Walter E. Scott, later famous as Death Valley Scotty, spent several of his boyhood years in Wells, arriving on his own at age 11 and supporting himself by a variety of entrepreneurial enterprises, selling sandwiches and doughnuts in the saloons and to railroad passengers with the daughter of a local grocer.
"Sometimes when passengers showed no interest in what Scotty and Katie were selling," wrote Wells historian Gene Kaplan, "they'd wait until the train was about to pull out. Then Katie would cut loose with war whoops. As passengers stuck their heads out of car windows to take a look, Scotty ran by with a stick to knock hats off. The train pulled out with surprised bareheaded passengers, and Scotty peddled hats for two bits each when the next train pulled in."
In February, 2008, an earthquake registering 6.0 on the Richter scale rolled beneath Wells and devasted the old commercial center. Injuries were few, a broken arm the worst of it, but the structural damage was an enormous calamity. Many of the buildings along the old Commercial Row were so badly damaged that after standing empty and forlorn for more than five years, they were bulldozed. Ironically, they were as strong a tourist attraction as ruins as they were intact, drawing rubber-necking travelers past the fenced-off row of buildings.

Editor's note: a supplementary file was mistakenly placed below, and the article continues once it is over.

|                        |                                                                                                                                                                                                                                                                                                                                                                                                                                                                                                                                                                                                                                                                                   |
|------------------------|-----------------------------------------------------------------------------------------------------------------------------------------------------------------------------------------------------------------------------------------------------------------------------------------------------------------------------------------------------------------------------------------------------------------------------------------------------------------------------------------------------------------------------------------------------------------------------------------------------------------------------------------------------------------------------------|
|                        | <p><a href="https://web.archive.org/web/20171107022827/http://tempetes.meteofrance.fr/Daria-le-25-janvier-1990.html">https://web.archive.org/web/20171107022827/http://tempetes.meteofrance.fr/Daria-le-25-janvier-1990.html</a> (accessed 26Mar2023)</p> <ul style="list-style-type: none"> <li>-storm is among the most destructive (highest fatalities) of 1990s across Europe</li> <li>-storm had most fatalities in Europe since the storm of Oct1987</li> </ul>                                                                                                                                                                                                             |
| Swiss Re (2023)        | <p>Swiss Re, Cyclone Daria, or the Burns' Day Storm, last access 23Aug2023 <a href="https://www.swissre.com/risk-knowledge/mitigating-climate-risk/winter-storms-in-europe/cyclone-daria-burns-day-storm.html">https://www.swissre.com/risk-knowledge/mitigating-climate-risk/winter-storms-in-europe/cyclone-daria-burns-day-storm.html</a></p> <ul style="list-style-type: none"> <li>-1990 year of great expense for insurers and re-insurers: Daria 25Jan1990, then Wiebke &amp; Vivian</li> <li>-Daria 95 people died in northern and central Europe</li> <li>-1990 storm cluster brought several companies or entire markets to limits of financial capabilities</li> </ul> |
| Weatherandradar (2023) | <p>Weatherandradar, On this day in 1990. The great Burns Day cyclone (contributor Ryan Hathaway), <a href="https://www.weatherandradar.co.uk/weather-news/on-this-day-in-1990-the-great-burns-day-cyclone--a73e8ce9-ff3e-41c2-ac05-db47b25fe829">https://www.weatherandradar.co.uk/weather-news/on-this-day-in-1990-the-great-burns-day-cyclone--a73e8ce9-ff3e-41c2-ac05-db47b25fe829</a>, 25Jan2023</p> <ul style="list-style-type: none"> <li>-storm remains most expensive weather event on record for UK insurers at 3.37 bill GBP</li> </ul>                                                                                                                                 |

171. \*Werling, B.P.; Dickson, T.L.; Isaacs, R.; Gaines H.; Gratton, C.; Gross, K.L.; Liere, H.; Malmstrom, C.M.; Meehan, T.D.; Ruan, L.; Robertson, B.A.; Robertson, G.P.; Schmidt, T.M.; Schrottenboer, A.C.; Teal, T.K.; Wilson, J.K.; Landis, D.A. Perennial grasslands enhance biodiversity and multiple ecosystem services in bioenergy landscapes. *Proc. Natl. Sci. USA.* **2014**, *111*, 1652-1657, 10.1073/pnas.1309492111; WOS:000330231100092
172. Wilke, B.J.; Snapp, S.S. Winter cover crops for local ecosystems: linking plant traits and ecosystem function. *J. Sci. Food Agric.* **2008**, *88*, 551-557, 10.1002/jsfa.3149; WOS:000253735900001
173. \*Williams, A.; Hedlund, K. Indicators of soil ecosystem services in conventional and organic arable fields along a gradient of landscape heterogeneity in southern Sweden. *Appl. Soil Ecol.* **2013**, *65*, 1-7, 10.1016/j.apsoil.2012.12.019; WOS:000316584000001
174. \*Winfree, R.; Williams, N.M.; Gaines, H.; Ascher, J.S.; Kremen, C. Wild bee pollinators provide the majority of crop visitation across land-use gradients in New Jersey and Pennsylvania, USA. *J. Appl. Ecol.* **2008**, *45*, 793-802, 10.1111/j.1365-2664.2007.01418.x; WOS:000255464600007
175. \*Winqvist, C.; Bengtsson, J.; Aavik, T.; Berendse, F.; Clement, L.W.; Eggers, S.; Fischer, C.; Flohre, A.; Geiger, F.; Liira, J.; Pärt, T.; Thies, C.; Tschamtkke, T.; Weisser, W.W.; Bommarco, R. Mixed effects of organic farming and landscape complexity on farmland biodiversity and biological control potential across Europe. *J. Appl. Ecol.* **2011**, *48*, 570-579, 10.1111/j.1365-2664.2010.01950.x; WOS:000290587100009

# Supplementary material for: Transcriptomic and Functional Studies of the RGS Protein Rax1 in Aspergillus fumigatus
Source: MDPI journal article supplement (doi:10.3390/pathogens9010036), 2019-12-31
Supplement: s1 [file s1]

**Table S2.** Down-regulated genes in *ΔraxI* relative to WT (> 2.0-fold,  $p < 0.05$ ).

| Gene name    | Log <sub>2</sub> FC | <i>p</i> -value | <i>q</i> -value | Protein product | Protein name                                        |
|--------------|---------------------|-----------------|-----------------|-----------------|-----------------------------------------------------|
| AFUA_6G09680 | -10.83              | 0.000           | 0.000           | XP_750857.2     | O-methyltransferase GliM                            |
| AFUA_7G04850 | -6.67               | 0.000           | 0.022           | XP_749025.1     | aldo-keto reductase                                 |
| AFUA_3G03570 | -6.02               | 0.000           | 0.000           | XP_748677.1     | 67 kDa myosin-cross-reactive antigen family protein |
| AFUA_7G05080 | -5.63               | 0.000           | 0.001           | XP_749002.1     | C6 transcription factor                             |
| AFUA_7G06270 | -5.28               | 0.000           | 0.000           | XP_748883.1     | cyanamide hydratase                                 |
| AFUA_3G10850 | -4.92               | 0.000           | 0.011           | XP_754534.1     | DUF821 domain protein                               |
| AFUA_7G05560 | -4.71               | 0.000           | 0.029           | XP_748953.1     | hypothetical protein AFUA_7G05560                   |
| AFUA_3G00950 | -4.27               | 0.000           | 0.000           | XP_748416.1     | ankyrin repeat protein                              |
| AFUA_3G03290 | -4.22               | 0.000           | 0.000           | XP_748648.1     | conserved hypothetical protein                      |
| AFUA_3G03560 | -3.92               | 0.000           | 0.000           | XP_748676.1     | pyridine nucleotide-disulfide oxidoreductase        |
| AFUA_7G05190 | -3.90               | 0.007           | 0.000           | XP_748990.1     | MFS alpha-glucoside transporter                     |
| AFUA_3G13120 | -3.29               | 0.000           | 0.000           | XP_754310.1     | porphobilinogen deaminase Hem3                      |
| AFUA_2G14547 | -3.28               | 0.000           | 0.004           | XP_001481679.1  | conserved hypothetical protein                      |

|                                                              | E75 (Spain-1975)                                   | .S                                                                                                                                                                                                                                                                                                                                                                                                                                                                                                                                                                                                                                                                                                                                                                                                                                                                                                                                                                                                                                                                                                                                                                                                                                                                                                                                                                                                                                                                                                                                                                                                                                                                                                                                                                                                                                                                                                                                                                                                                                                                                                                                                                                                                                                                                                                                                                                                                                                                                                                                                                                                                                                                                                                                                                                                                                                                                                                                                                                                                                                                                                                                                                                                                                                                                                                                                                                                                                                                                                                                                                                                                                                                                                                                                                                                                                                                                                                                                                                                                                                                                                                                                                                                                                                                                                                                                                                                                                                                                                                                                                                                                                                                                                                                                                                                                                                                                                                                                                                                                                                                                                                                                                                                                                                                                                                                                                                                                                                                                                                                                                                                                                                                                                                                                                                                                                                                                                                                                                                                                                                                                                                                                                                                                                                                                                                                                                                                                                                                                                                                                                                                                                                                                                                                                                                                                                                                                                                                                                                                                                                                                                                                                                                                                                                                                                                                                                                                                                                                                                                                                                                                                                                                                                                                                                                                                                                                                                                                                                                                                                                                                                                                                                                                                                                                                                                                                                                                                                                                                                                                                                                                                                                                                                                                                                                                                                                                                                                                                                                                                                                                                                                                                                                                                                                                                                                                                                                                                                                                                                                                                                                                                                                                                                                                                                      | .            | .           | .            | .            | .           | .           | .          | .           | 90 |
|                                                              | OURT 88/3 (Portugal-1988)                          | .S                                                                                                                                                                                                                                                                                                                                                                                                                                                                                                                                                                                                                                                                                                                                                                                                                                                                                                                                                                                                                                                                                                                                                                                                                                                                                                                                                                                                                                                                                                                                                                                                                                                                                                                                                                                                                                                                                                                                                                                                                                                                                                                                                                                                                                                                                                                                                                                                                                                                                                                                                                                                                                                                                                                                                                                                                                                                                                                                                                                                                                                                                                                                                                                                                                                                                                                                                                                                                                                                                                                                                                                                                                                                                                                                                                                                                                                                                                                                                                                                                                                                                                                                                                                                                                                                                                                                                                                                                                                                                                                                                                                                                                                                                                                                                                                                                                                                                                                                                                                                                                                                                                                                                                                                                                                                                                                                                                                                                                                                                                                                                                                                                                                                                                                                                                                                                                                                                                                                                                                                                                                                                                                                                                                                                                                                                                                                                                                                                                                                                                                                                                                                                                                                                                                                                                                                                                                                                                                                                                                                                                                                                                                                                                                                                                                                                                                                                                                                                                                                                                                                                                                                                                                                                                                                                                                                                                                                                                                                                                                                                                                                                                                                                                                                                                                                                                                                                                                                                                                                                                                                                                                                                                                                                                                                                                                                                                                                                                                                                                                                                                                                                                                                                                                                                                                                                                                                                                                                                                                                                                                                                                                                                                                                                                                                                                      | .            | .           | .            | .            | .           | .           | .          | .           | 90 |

Wells' prosperity today is solidly based on the crossroads created by I-80
and U.S. 93
. I-80 is a main east-west transcontinental artery. U.S. 93 extends from Alaska to Panama, and one day you'll be able to gas up at Wells and drive south to Tierra del Fuego. It is a road favored by the Canadian "Snowbirds", the folks who like to follow the sun south for the winter. They come down with the geese in the fall, and they head back home with them to British Columbia, Alberta and Saskatchewan again in the spring.